The state’s historic flood in March of 1965 was mentioned, as was LBJ’s arrival on Air Force One to view the natural disaster. The war was escalating in Vietnam and Martin Luther King Jr. marched in Selma. Local grocer Bill LeVasseur was elected president of the White Bear Lake Chamber of Commerce in 1965, replacing Bob Brass. The city manager was Ed Bayuk.
Also that January, Lois’ sister (she came from a family of 16 children born to Lois and John Zerwas Sr.) Barbara died of a brain tumor. She was 36. It was noted that Dennis was wearing sunglasses while reciting the rosary at the Lake Mortuary visitation.
Following the trial in 1987, a reporter asked prosecuting attorney Mindy Elledge why it took so long for the case to come to trial. Her reply: “In 1965, people didn’t think white, middle-class families on a nice tree-lined street in White Bear Lake would murder their children. That’s the bottom line.”
The murder conviction received local and national attention. “People” magazine did a story in March 1987 and in 1988, Diane Sawyer did a piece on “60 Minutes” called “No One Saved Dennis.” Siegel also wrote a lengthy two-part piece for the LA Times that became a precursor for his book. Five years later, NBC released a TV movie called “A Child Lost Forever.”
Lois Jurgens was sentenced to 25 years in the Shakopee women’s correctional facility for third-degree murder. She was 61 when she went to prison and served eight years before being paroled.
Harold Jurgens, who visited his wife regularly at the prison, died in 2000. Some thought he had been poisoned by his wife, but an autopsy showed that not to be true. There was also talk years earlier of Lois starting the fire that killed her mother-in-law. The Jurgens’ other adopted son, 5-year-old Robert, was removed from their home after Dennis died and was living with his grandparents. He happened to be in the hospital for pneumonia when their house burned down in November of ‘65.
Robert testified against his mother at her trial, telling the jury he thought she had killed Dennis. He grew up to be a police officer and moved to Crookston.
Another principal character in the book, Lois Jurgens’ brother, Jerome Zerwas, was a White Bear Lake cop who was suspected of covering up the case in 1965. He left the force on permanent disability in 1975 and moved to Elk River, claiming to the end he did not interfere despite testimony to the contrary. Zerwas died in 1997.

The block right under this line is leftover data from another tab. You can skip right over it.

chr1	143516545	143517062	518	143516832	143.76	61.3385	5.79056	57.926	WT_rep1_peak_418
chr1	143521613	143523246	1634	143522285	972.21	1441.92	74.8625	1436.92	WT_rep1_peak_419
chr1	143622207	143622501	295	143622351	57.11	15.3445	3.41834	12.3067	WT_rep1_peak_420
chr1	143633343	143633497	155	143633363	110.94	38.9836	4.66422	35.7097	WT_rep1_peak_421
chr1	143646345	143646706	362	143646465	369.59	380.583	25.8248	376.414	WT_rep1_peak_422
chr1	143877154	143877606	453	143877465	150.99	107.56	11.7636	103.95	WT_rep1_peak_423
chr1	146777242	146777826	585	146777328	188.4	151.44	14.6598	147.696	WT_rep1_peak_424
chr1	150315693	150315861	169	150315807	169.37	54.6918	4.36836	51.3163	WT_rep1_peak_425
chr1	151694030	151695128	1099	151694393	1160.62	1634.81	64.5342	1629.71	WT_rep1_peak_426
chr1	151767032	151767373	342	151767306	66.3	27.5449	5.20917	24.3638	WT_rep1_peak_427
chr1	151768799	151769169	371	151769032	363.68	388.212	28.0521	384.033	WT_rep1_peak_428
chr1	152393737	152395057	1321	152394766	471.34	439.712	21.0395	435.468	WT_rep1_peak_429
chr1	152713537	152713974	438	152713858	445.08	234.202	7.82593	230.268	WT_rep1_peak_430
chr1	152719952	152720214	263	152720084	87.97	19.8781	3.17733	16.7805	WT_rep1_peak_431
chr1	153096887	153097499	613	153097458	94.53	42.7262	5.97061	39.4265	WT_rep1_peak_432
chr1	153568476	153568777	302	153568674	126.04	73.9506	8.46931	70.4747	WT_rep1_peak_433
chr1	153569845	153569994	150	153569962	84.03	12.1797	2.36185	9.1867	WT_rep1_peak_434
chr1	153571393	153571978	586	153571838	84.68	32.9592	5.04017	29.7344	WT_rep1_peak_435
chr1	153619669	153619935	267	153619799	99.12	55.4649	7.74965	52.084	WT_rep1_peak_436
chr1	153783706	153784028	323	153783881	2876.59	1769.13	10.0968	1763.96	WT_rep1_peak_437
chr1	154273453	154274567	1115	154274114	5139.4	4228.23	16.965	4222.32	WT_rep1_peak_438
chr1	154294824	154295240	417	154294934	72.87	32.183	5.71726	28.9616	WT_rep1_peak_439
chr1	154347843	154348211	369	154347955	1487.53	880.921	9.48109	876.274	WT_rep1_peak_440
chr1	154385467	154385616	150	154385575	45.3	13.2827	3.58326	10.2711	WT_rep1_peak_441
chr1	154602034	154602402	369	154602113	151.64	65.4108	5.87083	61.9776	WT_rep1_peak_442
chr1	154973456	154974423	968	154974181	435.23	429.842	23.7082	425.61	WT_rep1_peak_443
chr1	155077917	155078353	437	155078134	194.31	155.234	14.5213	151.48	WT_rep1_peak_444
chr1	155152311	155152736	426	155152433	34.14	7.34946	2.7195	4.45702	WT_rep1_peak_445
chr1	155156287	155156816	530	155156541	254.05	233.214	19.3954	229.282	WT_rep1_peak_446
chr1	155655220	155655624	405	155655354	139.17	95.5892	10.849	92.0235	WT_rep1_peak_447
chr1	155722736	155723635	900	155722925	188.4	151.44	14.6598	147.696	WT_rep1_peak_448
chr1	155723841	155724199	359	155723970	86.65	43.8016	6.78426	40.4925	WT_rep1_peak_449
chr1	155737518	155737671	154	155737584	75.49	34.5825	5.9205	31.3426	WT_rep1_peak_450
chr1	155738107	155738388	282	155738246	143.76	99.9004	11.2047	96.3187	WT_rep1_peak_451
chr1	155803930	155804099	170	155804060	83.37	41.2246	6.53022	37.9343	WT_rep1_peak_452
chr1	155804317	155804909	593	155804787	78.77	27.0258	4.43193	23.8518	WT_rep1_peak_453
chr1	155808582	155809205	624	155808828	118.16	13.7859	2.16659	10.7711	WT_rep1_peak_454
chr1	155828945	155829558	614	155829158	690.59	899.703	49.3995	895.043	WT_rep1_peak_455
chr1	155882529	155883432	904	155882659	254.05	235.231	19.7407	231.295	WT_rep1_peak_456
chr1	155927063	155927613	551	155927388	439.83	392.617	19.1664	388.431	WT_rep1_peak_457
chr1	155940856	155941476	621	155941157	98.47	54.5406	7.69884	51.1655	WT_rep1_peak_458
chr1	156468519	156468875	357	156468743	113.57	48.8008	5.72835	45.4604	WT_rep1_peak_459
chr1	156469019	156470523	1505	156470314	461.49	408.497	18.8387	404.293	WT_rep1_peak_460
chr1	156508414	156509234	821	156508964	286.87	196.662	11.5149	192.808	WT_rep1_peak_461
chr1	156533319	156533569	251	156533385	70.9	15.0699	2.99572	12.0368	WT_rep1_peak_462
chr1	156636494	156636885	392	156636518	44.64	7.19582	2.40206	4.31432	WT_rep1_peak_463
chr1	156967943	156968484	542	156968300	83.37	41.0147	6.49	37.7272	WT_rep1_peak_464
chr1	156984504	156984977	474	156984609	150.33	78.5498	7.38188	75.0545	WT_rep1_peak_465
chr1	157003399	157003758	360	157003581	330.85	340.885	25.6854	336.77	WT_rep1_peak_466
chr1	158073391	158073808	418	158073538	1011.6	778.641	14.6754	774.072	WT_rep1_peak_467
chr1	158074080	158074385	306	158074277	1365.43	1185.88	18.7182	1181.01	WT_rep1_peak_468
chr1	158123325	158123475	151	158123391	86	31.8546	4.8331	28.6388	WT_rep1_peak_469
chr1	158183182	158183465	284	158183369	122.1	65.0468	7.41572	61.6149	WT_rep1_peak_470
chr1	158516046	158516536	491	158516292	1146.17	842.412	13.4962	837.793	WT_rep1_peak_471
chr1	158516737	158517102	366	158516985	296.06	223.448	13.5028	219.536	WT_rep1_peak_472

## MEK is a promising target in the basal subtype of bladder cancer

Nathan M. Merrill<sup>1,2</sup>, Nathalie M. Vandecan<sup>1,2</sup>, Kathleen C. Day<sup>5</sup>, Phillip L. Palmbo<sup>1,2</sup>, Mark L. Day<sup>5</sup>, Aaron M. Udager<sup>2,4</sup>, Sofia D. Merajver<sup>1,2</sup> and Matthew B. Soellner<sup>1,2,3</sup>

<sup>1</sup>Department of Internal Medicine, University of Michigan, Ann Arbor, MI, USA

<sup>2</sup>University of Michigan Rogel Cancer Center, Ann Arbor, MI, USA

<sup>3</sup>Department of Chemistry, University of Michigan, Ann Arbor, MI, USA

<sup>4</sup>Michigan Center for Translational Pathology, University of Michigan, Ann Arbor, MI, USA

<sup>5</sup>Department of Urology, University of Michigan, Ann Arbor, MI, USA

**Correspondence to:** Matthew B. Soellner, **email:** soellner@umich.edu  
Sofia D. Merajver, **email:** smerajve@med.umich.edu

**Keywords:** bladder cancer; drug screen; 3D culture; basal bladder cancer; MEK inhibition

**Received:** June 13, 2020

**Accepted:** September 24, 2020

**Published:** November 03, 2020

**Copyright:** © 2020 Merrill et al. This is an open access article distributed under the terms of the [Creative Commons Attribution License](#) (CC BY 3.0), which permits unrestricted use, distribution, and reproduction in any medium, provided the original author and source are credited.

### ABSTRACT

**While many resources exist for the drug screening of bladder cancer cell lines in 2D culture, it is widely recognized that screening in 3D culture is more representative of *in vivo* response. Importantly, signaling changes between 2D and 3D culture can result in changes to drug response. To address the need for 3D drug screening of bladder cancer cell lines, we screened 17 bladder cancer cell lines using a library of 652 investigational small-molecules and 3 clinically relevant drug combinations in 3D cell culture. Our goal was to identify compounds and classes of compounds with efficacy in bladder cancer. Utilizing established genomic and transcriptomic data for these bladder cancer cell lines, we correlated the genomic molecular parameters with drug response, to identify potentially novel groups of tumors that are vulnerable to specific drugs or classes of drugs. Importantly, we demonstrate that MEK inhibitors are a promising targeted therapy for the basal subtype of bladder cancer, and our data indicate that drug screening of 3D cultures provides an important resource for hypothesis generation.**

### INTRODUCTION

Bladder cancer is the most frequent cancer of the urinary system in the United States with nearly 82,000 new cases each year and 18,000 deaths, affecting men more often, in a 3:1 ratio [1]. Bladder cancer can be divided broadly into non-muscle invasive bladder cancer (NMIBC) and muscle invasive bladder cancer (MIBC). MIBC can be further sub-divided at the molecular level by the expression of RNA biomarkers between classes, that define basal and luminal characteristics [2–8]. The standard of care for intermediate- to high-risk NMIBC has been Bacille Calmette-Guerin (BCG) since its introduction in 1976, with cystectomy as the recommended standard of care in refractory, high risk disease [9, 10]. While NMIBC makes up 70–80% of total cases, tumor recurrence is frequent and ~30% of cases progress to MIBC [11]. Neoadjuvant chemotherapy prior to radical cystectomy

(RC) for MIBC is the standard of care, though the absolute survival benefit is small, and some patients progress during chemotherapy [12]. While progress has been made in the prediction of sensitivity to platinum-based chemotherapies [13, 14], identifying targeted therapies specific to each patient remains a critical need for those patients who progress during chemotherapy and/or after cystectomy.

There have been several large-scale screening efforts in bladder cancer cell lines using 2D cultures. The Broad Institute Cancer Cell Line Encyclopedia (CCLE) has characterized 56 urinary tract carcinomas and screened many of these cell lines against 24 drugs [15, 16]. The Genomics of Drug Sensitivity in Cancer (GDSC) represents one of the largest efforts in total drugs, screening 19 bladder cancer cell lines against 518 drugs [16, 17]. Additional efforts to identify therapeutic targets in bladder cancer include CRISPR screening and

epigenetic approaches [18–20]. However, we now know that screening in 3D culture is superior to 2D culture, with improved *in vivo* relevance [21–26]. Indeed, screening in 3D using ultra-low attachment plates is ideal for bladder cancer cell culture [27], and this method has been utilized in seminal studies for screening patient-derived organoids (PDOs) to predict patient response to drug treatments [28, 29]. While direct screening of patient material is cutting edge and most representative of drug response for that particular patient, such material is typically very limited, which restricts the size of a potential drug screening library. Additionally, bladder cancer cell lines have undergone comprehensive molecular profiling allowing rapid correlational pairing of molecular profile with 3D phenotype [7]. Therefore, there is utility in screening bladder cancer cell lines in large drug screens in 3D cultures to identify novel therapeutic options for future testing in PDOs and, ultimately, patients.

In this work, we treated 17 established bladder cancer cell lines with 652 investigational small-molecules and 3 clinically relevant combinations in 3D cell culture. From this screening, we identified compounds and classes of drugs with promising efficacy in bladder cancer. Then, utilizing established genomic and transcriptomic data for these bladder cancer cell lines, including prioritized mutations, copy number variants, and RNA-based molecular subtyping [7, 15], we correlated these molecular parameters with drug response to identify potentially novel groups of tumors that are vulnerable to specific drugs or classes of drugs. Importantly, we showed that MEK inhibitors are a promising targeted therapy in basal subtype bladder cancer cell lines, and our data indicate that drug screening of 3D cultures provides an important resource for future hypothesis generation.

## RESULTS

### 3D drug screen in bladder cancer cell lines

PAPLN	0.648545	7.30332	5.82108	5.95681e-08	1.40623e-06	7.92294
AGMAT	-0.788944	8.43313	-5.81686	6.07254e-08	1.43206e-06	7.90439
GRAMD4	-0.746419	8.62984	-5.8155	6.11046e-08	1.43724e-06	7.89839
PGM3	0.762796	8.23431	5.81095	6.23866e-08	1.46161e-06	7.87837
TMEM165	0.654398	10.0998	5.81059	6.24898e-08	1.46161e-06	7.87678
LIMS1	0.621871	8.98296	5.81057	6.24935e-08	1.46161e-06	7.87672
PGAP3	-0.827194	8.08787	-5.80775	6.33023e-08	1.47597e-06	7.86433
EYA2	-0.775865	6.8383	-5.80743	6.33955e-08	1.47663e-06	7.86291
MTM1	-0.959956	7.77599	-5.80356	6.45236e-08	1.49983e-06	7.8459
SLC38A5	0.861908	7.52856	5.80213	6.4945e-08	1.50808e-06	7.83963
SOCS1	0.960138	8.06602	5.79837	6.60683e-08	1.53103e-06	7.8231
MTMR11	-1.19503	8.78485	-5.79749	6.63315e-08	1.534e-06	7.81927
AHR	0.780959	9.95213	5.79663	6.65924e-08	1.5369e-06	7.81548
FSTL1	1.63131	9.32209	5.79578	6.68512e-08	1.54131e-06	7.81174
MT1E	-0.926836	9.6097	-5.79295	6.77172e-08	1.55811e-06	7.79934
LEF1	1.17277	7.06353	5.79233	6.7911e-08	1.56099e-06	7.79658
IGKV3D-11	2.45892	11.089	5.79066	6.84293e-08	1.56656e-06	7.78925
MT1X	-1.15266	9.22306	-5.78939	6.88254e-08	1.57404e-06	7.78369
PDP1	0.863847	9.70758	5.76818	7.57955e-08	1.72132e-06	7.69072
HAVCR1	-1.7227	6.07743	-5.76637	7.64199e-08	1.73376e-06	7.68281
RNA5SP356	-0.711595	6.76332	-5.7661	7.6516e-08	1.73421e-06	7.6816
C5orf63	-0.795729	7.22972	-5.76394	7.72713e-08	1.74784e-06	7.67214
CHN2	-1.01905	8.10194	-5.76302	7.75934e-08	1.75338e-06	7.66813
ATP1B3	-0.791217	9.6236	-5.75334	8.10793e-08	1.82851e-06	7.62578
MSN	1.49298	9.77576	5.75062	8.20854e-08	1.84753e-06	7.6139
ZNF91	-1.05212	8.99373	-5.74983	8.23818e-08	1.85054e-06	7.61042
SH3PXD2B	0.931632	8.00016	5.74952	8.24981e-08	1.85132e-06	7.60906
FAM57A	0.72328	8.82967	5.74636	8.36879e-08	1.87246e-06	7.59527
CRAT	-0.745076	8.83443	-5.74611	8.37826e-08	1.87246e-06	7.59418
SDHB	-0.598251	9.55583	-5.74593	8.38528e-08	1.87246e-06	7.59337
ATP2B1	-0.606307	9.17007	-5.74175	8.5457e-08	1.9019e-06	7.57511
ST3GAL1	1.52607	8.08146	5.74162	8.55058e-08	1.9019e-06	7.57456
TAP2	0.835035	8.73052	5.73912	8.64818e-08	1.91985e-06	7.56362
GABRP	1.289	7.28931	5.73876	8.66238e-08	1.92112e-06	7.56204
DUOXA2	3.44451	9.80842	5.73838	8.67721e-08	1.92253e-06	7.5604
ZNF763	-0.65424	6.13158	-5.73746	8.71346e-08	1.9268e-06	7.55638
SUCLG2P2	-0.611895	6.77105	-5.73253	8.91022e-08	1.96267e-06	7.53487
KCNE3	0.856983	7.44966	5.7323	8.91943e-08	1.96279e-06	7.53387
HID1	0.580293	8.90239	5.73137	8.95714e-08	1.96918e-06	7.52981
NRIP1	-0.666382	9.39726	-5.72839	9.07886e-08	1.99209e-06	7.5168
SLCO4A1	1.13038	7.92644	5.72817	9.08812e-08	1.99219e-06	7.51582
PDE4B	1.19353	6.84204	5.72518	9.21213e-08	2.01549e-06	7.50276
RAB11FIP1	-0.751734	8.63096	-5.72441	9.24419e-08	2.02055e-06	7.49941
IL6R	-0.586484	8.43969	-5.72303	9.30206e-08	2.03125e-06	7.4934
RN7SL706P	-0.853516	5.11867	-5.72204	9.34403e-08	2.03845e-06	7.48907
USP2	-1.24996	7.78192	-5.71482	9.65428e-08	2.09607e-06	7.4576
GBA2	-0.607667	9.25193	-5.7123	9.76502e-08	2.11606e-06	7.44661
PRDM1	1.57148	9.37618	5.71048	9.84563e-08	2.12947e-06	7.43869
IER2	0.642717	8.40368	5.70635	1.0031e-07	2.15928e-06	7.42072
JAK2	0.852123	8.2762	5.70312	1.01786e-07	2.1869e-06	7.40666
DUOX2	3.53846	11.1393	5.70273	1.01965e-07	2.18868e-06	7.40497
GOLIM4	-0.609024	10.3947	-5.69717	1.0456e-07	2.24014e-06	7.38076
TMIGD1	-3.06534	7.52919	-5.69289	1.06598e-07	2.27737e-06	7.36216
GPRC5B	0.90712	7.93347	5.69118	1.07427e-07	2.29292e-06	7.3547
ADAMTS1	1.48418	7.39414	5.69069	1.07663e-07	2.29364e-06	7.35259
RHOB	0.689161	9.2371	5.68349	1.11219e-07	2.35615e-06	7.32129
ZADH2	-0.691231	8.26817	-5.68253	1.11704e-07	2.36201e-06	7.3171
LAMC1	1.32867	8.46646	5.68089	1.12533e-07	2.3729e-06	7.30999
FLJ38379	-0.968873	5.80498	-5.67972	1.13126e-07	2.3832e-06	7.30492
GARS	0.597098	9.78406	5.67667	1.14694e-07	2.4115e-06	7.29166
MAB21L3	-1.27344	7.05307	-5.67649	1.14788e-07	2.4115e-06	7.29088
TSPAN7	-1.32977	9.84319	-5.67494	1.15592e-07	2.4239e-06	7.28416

Lois Jurgens died May 7, 2013.
Siegel talks about twists of fate on his website and how often critical events arise out of random chance. Some may call it providence. That twist of fate is apparent in this case as well.
A staunch Catholic and member of St. Mary of the Lake Church, Lois Jurgens only wanted a baby of the same faith. It so happened that Dennis’ biological mother, 17 and unwed when he was born, had planned to convert to Catholicism so had her baby baptized by a priest. Sherwood, who was Jerry Puckett at the time, never converted. If Dennis had been baptized other than Catholic, the Jurgens would have rejected him.
Included among the book’s pages is a photo copy of the congratulatory letter announcing the All-America City Award.
The Municipal League letter from Chairman George Gallup to Georgia Hillman, then secretary-treasurer of the White Bear Lake Chamber of Commerce, read “I salute the citizens of White Bear Lake whose effective action has won this award and sincerely hope they will view this honor as a further incentive to play a positive role in the affairs of their community.”
That summer of ‘65, the city celebrated the honor. “There was a June weekend auto show with sport models from Polar Chev and Tousley Ford, a teen dance and giant barbecue that cooked 40 turkeys on a 60 foot spit over 600 pounds of charcoal. Turkey sandwiches sold for 15 cents and cartons of milk for a nickel,” Siegel wrote. And for a week in mid-July, a TV station showcased White Bear Lake.
To paraphrase another book, it’s fair to say 1965 was the best of times and the worst of times in the community; it was the season of light, it was the season of darkness. Or so the story goes.